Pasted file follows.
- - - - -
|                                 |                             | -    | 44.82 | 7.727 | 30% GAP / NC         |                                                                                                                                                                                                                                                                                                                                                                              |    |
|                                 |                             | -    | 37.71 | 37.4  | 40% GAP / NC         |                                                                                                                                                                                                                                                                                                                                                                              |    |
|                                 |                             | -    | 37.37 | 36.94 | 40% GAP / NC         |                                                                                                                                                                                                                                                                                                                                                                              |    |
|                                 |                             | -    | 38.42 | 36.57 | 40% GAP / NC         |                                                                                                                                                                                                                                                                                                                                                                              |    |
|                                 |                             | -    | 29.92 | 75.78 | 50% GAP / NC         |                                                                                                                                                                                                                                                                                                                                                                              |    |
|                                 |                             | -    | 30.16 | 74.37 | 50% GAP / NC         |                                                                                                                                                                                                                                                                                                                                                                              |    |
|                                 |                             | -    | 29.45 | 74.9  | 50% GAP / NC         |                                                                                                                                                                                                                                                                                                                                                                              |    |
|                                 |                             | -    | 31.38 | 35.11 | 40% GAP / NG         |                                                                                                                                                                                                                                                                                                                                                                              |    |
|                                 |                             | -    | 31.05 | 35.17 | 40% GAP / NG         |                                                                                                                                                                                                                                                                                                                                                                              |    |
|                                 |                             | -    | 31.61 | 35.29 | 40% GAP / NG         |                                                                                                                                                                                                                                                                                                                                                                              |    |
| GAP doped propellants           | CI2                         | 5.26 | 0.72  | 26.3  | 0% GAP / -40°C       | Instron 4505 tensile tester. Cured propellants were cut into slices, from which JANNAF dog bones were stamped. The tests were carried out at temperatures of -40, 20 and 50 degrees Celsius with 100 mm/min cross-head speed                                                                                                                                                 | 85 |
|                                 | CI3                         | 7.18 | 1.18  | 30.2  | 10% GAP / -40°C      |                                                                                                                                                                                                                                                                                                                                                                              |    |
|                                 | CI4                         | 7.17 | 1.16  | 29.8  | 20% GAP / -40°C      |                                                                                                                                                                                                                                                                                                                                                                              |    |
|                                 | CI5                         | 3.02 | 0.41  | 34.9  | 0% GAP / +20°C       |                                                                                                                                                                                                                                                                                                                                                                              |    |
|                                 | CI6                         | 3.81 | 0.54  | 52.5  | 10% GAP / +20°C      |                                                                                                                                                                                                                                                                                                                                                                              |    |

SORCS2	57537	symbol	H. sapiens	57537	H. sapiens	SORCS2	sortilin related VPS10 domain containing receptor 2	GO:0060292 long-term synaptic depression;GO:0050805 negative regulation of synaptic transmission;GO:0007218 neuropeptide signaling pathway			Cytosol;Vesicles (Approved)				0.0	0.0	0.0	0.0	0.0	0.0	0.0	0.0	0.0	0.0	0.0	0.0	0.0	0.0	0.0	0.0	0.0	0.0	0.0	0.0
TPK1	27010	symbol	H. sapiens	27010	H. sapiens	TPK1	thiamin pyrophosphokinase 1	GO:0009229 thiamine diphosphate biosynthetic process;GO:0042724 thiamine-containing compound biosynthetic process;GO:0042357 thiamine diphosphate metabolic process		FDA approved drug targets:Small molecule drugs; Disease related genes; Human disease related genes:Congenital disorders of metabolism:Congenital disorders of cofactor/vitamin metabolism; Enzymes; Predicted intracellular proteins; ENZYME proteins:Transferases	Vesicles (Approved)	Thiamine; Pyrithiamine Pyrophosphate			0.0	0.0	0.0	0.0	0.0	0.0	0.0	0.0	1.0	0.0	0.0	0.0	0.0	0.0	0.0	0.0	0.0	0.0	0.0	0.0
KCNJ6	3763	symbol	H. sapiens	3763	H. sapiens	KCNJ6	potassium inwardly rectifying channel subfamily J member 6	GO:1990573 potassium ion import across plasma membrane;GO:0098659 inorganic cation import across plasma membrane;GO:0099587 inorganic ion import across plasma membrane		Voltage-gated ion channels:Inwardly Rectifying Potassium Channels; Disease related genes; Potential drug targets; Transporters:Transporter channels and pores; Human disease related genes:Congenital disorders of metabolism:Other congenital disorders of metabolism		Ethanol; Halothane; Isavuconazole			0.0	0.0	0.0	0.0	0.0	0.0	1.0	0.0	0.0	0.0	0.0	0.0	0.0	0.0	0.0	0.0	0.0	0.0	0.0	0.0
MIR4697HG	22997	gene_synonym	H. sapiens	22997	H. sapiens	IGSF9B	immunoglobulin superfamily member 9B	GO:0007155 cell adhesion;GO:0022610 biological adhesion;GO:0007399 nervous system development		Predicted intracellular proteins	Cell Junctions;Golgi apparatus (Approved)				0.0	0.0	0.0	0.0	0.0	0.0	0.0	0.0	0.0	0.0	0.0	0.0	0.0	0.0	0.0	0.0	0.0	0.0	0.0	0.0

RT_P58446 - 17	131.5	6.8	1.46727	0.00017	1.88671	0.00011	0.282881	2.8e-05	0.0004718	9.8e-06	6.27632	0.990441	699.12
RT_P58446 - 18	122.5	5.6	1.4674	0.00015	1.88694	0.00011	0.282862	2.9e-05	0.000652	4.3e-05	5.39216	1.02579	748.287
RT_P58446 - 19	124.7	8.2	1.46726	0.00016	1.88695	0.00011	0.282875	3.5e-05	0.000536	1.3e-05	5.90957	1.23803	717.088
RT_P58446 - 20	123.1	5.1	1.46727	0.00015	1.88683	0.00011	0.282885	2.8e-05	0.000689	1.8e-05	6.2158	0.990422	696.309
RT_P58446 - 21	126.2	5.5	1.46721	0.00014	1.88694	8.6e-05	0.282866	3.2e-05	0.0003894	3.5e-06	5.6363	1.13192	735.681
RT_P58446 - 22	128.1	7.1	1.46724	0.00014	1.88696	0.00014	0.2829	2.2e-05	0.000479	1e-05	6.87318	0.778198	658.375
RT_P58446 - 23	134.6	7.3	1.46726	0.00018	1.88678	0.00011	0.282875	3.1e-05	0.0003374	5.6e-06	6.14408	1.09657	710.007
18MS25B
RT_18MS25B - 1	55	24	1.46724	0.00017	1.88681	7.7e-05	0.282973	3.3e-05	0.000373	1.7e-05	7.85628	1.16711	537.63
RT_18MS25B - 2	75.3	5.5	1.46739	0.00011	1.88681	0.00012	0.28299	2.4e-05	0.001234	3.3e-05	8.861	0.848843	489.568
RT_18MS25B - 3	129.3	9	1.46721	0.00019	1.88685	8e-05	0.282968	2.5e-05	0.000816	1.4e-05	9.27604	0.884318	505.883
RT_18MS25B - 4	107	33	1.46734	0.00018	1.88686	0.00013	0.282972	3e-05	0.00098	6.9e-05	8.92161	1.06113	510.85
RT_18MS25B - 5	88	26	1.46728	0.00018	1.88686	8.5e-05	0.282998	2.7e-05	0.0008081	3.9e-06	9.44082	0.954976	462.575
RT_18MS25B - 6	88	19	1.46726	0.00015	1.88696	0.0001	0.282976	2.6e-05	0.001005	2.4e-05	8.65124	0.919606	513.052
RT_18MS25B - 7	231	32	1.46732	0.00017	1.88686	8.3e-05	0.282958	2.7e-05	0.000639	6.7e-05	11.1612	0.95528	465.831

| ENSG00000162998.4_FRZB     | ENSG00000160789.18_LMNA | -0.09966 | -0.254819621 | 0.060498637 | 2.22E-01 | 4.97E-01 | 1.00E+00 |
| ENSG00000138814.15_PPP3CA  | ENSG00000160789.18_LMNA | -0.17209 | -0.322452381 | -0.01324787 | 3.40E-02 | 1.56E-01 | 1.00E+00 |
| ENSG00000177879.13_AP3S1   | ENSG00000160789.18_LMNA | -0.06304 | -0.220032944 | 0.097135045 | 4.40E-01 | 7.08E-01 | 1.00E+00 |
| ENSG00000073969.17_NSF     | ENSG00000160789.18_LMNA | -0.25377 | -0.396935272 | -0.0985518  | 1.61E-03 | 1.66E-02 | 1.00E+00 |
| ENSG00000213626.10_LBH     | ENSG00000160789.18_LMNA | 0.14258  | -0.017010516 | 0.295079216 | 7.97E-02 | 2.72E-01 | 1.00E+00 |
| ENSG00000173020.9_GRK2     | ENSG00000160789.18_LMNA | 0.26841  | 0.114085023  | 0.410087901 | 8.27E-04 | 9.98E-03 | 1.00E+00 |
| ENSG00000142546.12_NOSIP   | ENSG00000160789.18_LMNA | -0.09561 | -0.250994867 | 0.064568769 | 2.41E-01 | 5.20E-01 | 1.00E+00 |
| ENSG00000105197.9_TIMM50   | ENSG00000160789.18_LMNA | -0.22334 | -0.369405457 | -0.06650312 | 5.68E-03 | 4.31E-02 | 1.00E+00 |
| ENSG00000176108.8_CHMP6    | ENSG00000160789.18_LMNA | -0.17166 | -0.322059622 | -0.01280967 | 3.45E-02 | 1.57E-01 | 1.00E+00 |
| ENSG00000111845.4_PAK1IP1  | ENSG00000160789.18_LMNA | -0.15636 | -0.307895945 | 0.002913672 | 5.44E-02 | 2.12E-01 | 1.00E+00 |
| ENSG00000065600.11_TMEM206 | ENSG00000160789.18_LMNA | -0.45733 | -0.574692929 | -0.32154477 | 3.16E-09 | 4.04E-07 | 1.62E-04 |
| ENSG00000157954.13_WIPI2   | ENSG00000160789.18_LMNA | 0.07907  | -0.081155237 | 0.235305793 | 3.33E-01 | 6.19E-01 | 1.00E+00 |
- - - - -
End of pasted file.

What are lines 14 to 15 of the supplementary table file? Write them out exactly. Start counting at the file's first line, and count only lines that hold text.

|                                 | CI5                         | 3.02 | 0.41  | 34.9  | 0% GAP / +20°C       |                                                                                                                                                                                                                                                                                                                                                                              |    |
|                                 | CI6                         | 3.81 | 0.54  | 52.5  | 10% GAP / +20°C      |                                                                                                                                                                                                                                                                                                                                                                              |    |